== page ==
<strong>WATCH: We had a blast when we took <br />a Tesla Roadster for a test drive.</strong>
[image url="http://static.businessinsider.com/image/5119481aeab8eae12d000000/image.jpg" link="lightbox" caption="" source="" alt="white spaceholder" align="left" size="xlarge" nocrop="true" clear="true"]
Electric car maker Tesla is embroiled in a bitter public fight with The New York Times over whether the paper unfairly criticised one of Tesla’s cars.
The battle has become a he-said, she-said affair, with both sides accusing the other of dirty tricks.
Regardless of who’s right, the whole experience reveals why today’s all-electric cars are, for all intents and purposes, dead on arrival:
Because they’re not that useful for one of the key uses that most would-be car-owners would want to use them for — the ability to comfortably, conveniently, and reliably transport oneself from city to city without living in fear that the battery will die and leave car and driver stranded.
New York Times John Broder’s account of trying to drive from Washington to New York and then to Connecticut reveals how even a routine trip can be transformed into a stressful, uncomfortable, time-consuming hassle while driving an all-electric car. Despite having direct, real-time help from Tesla, Broder’s car forced him to start worrying and conserving energy (turning down the heat, travelling slowly, “conditioning the battery,” etc.) long before he reached his destination. And, in the end, he didn’t reach it, because the car ran out of power and shut down.
This problem (and fear), importantly, is unique to all-electric cars.
Gas-powered cars do occasionally run out of gas, but gas is readily available and doesn’t require hours of recharging time to pump it into the car.
“Hybrid” cars, meanwhile, which run on batteries sometimes, and gas-powered engines at other times, have a similarly infinite range — but they still benefit from the “greenness” and efficiency that is the primary selling point of electric cars. They’re just not as novel, or cool. (Or expensive).
“Hybrid,” propulsion, in fact, is clearly the winner in the current generation of efficient cars: Once one understands the convenience of having a gas engine available to charge a car’s battery and extend its range, it seems preposterous to handicap the car by limiting its power to only a battery.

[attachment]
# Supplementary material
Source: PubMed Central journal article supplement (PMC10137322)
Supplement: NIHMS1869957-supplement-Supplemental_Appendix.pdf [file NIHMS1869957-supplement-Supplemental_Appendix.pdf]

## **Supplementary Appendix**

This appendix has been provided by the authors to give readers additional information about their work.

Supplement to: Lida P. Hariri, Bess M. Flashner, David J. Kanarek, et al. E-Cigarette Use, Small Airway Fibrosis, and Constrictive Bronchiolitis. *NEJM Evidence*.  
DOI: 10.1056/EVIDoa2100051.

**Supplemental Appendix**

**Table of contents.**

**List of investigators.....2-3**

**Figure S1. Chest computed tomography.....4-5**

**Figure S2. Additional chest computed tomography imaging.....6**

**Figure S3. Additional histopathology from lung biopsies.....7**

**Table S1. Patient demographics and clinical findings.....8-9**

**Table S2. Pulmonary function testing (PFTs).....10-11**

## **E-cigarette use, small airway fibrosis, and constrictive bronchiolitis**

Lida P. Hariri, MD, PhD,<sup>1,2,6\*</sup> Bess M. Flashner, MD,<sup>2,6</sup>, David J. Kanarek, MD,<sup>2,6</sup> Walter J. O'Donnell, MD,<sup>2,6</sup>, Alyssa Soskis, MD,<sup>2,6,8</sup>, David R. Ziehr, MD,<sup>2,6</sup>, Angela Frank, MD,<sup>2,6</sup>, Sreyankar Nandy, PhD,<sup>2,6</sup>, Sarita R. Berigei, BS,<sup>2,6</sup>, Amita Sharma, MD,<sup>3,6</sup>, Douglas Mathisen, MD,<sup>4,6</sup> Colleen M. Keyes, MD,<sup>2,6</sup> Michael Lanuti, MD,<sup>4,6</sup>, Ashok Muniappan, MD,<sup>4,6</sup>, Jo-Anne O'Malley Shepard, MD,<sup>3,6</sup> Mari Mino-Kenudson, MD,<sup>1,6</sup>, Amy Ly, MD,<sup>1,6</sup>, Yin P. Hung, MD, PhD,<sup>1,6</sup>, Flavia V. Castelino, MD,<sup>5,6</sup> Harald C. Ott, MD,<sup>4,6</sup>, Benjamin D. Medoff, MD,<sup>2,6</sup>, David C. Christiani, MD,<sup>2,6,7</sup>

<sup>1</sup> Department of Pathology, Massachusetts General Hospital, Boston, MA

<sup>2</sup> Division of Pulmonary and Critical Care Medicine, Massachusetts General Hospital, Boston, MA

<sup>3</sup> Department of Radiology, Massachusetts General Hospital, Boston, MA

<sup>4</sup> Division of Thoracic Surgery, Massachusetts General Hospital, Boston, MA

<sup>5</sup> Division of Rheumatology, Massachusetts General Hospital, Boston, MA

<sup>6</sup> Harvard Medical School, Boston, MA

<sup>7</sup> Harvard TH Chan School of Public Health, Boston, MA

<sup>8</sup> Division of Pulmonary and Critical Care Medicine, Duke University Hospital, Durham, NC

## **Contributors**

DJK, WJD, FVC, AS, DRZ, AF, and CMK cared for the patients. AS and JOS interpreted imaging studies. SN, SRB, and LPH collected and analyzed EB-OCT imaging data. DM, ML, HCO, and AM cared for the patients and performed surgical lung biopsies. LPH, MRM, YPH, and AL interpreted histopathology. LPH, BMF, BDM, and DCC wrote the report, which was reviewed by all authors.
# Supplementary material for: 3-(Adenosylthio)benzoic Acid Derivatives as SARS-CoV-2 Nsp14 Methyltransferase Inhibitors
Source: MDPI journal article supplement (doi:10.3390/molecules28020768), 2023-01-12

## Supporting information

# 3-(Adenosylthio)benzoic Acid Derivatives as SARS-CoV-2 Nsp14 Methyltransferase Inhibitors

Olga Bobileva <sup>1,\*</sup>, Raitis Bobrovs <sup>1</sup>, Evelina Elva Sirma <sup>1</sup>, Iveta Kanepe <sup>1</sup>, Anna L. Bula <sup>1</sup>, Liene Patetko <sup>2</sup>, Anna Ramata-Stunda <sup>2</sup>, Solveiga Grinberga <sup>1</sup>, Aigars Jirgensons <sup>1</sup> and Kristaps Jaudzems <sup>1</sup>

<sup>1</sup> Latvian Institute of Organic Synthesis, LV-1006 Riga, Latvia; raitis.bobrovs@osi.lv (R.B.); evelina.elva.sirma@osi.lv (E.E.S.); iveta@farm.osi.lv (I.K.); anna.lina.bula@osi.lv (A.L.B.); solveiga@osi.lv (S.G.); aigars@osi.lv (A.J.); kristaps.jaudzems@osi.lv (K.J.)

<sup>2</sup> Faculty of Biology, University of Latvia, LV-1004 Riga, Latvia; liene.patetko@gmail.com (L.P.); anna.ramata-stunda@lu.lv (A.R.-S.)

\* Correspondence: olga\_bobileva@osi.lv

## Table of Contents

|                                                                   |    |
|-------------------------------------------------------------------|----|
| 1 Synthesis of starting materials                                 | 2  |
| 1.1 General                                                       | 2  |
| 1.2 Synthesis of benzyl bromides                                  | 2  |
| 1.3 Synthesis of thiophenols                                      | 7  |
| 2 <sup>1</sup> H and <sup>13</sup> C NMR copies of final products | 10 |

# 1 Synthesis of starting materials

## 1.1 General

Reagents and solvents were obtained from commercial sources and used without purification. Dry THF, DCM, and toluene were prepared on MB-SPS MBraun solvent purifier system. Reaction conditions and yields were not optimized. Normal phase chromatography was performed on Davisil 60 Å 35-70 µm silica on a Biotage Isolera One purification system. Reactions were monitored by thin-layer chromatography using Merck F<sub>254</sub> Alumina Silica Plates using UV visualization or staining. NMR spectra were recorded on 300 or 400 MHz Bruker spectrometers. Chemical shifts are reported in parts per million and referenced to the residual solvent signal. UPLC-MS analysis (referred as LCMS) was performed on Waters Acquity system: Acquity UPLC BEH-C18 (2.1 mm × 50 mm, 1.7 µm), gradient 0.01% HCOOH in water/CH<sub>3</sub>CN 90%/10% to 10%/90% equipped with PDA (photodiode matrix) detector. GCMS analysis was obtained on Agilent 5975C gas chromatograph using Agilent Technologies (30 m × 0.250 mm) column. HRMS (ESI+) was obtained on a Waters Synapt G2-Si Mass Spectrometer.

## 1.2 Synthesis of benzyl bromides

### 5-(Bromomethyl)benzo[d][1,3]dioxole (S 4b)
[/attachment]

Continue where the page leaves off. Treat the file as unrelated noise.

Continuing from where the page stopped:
Regardless of whom you believe in the Tesla-NYT spat, you cannot help but observe this flaw:
Almost all the way from Washington DC to New York to Connecticut — a relatively short-haul trip for those accustomed to the simplicity, reliability, and convenience of modern cars — Broder was worried about running out of power. When his situation became critical, the Tesla began barking at him, ordering him to stop to recharge the battery immediately.
No normal driver accustomed to the freedom of driving a gas-powered or hybrid car would never voluntarily subject themselves to that.
They would either buy an all-electric car only for tooling around their neighborhoods or cities — or, with uber-rich drivers, for impressing their friends with a gorgeous, unusual, and sexy rich person’s toy.
And the latter is what today’s Teslas are.
They’re amazing machines. Awesome to look at, cool to show off, and awesome to drive.
But no normal driver looking for a means of reliable, flexible, and convenient transportation would buy one as their primary vehicle, especially with gas still being so relatively cheap.
And that means that, for their owners, Teslas and other all-electric cars will be second or third (or fourth or fifth or sixth) cars.
Hopefully, in the future, battery technology and electric-car-infrastructure will advance to the point where all-electric cars have essentially infinite ranges, charging stations will be everywhere, and the cars can be charged immediately and conveniently, with a quick stop for “gas.”
Or, maybe, electric car companies like Tesla will introduce super-cheap, super-convenient models that are designed to be used primarily for getting around town (and are priced for that convenience).
Either of those things would significantly improve the value proposition of today’s all-electric cars–and, thereby, make them more useful. And at that point the decision would come down to the price-value tradeoff. (A tradeoff that is very important for people who can’t afford to just buy an all-electric car as a toys.)
Until those things happen, though — all-electric cars will remain what they are today:
Curiosities and toys.
None of which is to say that Tesla isn’t an amazing success story (it is), or that, for those who can afford a $100,000+ third or fourth car, Teslas aren’t awesome. They are.
UPDATE: Some readers have interpreted this post as my saying that “Tesla sucks” or “Tesla is toast.” I’m not saying either of those things. I do think Tesla owes the New York Times an apology for calling its review “fake,” but Tesla’s an amazing company, and, for those who can afford to buy their cars as accessories, their cars are awesome. This market–folks who can afford cool curiosities–is big enough to support Tesla, at least until people get bored of the idea of battery-powered cars. My point is broader: Battery technology, charging infrastructure, and the cost of gas have not yet reached the point where an all-electric car is an attractive option for normal drivers. For most people, the benefits don’t justify the price. Hopefully, someday, they will.
NOW WATCH: Briefing videos
Business Insider Emails & Alerts
Site highlights each day to your inbox.